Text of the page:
Unit Testing vs Integration Testing: A Detailed Comparison

Many people, upon hearing “automated testing,” automatically think of unit tests. Thats understandable; after all, unit testing is one of…

Many people, upon hearing “automated testing,” automatically think of unit tests. That’s understandable; after all, unit testing is one of the most well-known types of automated tests. However, it’s far from being the only one. We have UI testing, end-to-end testing, load testing, and that’s just to name a few.

Today’s post—as you can see from the “unit test vs. integration test” in its title—focuses on two types of automated tests and how they relate to one another.

But that’s not all. Besides covering all of that, we’ll still talk about some adjacent topics. For instance, you’ll know how functional testing plays into the picture. You’ll also understand how unit and integration tests relate to white-box and black-box testing.

Unit testing is a type of automated testing meant to verify whether a small and isolated piece of the codebase—the so-called “unit”—behaves as the developer intended. An individual unit test—a “test case”—consists of an excerpt of code that exercises the production code in some way, and then verifies whether the result matches what was expected. So, unlike UI tests, unit tests don’t exercise the user interface at all; they’re supposed to interact directly with the underlying API.

Among all types of testing—manual or automated—unit testing is definitely a unique case. Most types of testing have the final user or stakeholder as the target audience, so to speak. These types of tests serve as “evidence” that the users’ requirements were met.

Unit tests, on the other hand, are different. Developers both write and read them, not with the final user in mind. Instead, developers write these kinds of tests as a check to see if the work they wrote does what they were aiming for. Having a comprehensive suite of unit tests in place allows developers to code more confidently because they feel protected by the safety net of tests.

Up until now, we’ve figured out some essential properties of unit tests. We express unit tests using code, unlike more visual types of tests. Also, developers are both their creators and main consumers, unlike other types of tests (such as acceptance testing) which target final users or stakeholders.

Now it’s time to learn the most important characteristic of unit tests, which really separates them from integration tests.

To do that, let’s see a famous definition for unit testing. This definition was proposed by Michael Feathers, and it goes like this:

Testing is an indispensable part of the software development process. It helps ensure that the software being built functions as intended and is free of bugs There are different types of software testing, with two of the most common being unit testing and integration testing While both aim to validate software quality, there are some key differences between the two.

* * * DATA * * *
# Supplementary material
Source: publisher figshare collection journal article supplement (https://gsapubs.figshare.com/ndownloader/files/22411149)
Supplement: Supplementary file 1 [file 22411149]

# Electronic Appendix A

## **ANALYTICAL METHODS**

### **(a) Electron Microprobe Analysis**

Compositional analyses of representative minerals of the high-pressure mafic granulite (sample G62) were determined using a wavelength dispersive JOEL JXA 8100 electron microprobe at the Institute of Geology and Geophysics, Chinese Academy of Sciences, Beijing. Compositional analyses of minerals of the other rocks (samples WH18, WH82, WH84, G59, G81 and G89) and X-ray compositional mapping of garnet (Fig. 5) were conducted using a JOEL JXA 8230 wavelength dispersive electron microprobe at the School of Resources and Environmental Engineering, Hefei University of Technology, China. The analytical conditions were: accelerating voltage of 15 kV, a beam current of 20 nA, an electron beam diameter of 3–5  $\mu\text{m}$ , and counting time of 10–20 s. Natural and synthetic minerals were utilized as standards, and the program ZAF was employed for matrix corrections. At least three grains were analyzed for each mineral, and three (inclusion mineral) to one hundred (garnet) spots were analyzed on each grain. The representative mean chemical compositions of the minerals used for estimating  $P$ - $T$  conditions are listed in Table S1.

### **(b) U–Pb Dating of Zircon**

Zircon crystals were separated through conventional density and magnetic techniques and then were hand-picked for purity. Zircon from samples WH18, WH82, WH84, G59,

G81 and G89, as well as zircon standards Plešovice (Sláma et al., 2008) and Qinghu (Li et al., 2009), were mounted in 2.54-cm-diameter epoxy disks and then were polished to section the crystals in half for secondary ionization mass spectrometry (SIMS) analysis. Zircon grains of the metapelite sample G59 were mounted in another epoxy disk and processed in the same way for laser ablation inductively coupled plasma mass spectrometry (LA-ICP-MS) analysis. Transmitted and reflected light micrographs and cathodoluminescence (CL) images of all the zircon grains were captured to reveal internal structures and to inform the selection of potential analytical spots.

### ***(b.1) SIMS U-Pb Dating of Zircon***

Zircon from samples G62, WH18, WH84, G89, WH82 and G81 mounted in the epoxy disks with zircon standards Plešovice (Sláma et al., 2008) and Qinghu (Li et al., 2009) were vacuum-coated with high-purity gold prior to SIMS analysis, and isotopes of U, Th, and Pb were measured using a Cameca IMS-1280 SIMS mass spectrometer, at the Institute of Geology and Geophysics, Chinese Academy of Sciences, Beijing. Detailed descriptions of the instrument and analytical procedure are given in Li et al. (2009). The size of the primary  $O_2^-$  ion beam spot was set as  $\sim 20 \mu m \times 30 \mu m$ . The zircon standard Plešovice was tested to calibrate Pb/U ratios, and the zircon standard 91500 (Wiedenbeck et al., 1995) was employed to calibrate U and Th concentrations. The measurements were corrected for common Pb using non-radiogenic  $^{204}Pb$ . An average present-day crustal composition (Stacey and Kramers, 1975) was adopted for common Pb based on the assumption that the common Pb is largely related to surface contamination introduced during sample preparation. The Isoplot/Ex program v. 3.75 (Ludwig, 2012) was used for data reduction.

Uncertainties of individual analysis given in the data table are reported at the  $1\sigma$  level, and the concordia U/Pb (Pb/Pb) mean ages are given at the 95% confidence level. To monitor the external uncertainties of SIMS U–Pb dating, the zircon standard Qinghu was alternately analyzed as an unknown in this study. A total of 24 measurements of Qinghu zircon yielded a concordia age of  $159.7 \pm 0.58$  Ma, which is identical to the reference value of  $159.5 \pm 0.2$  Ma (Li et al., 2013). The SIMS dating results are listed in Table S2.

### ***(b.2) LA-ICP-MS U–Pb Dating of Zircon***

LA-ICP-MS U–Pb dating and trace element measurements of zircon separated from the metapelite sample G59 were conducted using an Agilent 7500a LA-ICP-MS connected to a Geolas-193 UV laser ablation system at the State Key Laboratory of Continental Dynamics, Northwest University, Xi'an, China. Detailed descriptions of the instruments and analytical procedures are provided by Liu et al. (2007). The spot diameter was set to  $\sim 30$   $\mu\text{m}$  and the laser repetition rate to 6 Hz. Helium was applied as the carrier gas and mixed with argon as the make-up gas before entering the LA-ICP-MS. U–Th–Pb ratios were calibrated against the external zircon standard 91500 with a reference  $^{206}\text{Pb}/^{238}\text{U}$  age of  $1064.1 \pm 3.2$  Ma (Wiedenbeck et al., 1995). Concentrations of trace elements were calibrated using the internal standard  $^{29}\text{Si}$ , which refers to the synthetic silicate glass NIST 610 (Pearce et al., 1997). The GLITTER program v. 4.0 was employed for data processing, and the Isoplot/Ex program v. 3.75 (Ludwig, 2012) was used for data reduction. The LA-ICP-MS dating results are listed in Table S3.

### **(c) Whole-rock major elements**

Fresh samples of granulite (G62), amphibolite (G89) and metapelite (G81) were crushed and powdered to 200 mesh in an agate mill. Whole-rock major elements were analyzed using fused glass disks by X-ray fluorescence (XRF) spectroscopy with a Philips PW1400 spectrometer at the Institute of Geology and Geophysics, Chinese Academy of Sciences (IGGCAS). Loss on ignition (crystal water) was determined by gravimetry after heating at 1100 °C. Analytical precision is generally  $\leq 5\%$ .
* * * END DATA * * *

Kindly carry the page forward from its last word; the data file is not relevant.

What is Unit Testing?

Unit testing involves testing individual units or components of the software in isolation, The purpose is to validate that each unit functions as designed,

Some key points about unit testing

  • Tests only a single function, method, procedure or module.
  • Tests are usually written by developers.
  • Executed in isolation without any dependency on external modules or databases. Dependencies are mocked or stubbed out.
  • Helps catch bugs early in development.
  • Easy to pinpoint defects as scope is narrow.
  • Promotes modular design and helps enforce separation of concerns.
  • Fast to run as scope is small.
  • Developer productivity is increased.
  • Gives developers confidence their code works as intended.

Examples of things unit tested include:

  • A single function to calculate tax.
  • A class that parses JSON data.
  • A module that uploads files.

Overall, unit testing is white box testing performed by developers to ensure their code works properly before integration.

What is Integration Testing?

Integration testing checks that different modules or services used by the software work well together. The goal is to expose issues with module interactions early.

Key points about integration testing:

  • Modules are tested in groups rather than individually.
  • External services like databases and APIs are included rather than mocked.
  • The scope is much larger than a unit test.
  • Testers usually perform integration testing.
  • Helps find issues in the connections between modules.
  • More complex testing environment needing hardware and configurations.
  • Provides confidence that major components of the system function together.

Some examples of integration testing include:

  • Testing the connection between a front-end and back-end module.
  • Checking that a service can connect and interact with the database.
  • Validating that a payment processing module works with an external payment gateway.

Integration testing confirms different parts of the system work together properly. It builds on unit testing to verify larger chunks of the software.

Key Differences Between Unit and Integration Testing

While unit and integration testing are complementary, there are some notable differences:


  • Unit testing focuses on singular methods or classes.
  • Integration testing covers interactions between modules.

Execution Environment

  • Unit tests are isolated with mocked dependencies.
  • Integration tests use real databases and external services.

When Performed

  • Unit testing is done first by developers.
  • Integration testing follows after unit testing.

Who Performs Them

  • Unit tests are written and run by developers.
  • Integration tests are handled by testers and QA analysts.

Failure Complexity

  • Unit test failures are simple to diagnose.
  • Integration test failures can be complex as multiple issues could cause a failure.

Flexibility of Execution

  • Unit tests can be executed at any time without waiting.
  • Integration tests may require configurations and data before running.

Maintenance Overhead

  • Unit tests have minimal overhead to maintain.
  • Integration tests may require more effort to maintain and run.

Implementation Knowledge

  • Unit testing requires knowledge of isolated units.
  • Integration testing uses black box testing principles.

When to Use Each Type of Testing

Though unit and integration testing have some differences, they work best together. Here are some guidelines on when to use each:

Unit Testing

Unit testing should be used:

  • By developers early on as code is written.